Too often, the education reform debate is split between two sides
1. Teachers, whose primary interest is diverting school funds from student welfare and to themselves, and
2. Everyone else, who are flabbergasted by the terrible US public education system,
I’m simplifying of course — there are three dimensions of fource and multiple stakeholders, but the American public school teachers as a class have been breathtakingly unconcerned with the needs of others for several generations. Still, understanding that teachers have done nothing to align their interests with other stakeholders (aside from one political party) and act like an abusive monopoly is important to understand the education reform debate.
Unfortunately, these two sides then break down as disagreeing on the issue of testing:
1. Testing should not be used
2. High stakes testing should be used
Teachers oppose testing because they do not want to be accountable for not doing their jobs. This is understandable, but of course dangerous to our nation.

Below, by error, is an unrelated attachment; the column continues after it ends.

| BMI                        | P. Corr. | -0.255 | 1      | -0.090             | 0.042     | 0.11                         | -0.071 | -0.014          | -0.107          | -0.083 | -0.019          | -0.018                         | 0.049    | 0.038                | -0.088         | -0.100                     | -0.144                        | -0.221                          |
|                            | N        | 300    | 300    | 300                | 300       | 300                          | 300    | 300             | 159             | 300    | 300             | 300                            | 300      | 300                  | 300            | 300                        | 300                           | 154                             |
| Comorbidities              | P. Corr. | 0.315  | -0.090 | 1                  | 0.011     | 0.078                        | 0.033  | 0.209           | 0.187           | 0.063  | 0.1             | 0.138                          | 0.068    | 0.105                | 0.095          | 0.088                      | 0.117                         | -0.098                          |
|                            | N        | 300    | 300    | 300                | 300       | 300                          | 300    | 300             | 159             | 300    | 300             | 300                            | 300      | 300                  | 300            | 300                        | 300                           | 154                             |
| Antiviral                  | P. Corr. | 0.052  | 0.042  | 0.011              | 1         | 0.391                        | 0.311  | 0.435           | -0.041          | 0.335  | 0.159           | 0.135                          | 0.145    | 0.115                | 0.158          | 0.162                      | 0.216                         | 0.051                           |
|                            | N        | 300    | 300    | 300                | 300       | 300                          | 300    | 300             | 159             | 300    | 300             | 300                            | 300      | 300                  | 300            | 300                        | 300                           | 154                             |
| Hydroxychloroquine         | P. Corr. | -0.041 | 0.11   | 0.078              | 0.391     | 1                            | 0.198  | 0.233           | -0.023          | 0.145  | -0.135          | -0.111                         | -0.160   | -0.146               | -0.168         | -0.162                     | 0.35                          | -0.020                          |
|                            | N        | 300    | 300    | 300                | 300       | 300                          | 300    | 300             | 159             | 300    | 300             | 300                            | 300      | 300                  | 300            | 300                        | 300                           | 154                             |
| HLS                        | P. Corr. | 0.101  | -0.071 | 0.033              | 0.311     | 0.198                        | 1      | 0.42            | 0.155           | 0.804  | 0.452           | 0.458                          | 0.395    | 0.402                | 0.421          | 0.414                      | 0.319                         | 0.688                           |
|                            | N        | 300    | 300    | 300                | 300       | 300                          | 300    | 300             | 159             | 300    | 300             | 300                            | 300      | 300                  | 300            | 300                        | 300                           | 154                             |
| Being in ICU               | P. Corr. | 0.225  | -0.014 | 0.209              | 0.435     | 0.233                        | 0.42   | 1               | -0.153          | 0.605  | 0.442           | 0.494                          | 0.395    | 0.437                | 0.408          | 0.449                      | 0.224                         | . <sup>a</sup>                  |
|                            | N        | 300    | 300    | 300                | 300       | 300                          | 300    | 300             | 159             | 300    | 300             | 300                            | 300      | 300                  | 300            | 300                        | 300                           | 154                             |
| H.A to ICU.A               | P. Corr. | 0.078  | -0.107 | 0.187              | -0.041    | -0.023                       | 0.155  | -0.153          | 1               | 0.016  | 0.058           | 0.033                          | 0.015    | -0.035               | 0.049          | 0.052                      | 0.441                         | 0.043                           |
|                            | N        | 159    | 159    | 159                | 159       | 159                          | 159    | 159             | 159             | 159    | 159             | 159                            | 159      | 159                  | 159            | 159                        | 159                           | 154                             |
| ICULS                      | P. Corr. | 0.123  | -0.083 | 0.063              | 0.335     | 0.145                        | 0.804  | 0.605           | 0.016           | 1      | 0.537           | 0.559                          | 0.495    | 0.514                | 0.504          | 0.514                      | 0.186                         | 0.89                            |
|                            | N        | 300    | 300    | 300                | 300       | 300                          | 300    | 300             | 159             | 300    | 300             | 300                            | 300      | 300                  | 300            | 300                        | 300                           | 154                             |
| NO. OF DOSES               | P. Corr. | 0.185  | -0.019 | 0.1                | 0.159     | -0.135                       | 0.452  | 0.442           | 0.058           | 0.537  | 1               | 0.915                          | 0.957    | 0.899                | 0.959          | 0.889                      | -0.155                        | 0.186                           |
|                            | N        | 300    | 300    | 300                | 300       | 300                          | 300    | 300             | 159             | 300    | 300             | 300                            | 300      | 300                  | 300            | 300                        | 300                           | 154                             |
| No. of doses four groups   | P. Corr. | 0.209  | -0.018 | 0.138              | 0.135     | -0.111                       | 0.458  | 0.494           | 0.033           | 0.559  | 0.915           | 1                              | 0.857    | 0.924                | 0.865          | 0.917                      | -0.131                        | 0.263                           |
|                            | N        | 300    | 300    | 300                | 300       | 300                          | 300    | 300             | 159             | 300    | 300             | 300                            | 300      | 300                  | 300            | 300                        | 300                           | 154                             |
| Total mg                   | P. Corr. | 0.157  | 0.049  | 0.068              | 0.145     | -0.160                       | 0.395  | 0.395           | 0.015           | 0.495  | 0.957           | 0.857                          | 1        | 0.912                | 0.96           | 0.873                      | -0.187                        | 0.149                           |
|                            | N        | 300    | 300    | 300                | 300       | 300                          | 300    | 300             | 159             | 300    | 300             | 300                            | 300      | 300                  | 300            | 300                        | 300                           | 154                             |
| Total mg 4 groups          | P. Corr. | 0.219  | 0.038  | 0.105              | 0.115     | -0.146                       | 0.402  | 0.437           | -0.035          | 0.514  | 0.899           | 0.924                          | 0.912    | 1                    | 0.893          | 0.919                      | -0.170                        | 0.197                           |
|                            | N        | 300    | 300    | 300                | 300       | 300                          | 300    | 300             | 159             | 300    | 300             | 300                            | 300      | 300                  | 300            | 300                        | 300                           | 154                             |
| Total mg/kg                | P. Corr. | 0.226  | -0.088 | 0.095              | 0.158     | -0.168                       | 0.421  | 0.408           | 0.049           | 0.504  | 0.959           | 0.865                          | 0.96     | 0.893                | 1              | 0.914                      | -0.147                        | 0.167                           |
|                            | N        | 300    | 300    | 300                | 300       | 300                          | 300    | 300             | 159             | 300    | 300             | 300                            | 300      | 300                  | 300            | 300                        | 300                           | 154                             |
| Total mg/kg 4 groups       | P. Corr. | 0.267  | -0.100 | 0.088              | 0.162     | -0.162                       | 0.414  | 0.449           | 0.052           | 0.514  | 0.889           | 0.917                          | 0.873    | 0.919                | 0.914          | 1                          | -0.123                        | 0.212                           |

Many education reformers support high stakes testing, because it is easy to politically & logistically easy implement. Unfortunately, testing is invalid to the extent that testing conditions different from desired recall conditions, and if we’re training students to only ‘know’ something in high-stakes pen-and-paper environments, we’re doing them a disservice.
It would be better to fully integrate testing into the curriculum. A personalized device (let’s call it a Skinner Machine, or an iPad) would work with the student to help him understand concepts, show him appropriate & challenging material, and of course continually assess his learning. Low-stakes, continuous, real-world.
Low-stakes and continuous testing would be a form of good testing that would be reliable, standard, valid, and practical. We don’t have them because writing good tests is hard, and teachers are opposed to testing for economic reasons. So as the hard work is getting the testing infrastructure set-up in the first place, high-stakes testing is better than no-testing in the context of the terrible status quo. But good testing — low-stakes and continuous — must be the next step.
That’s how testing should be done.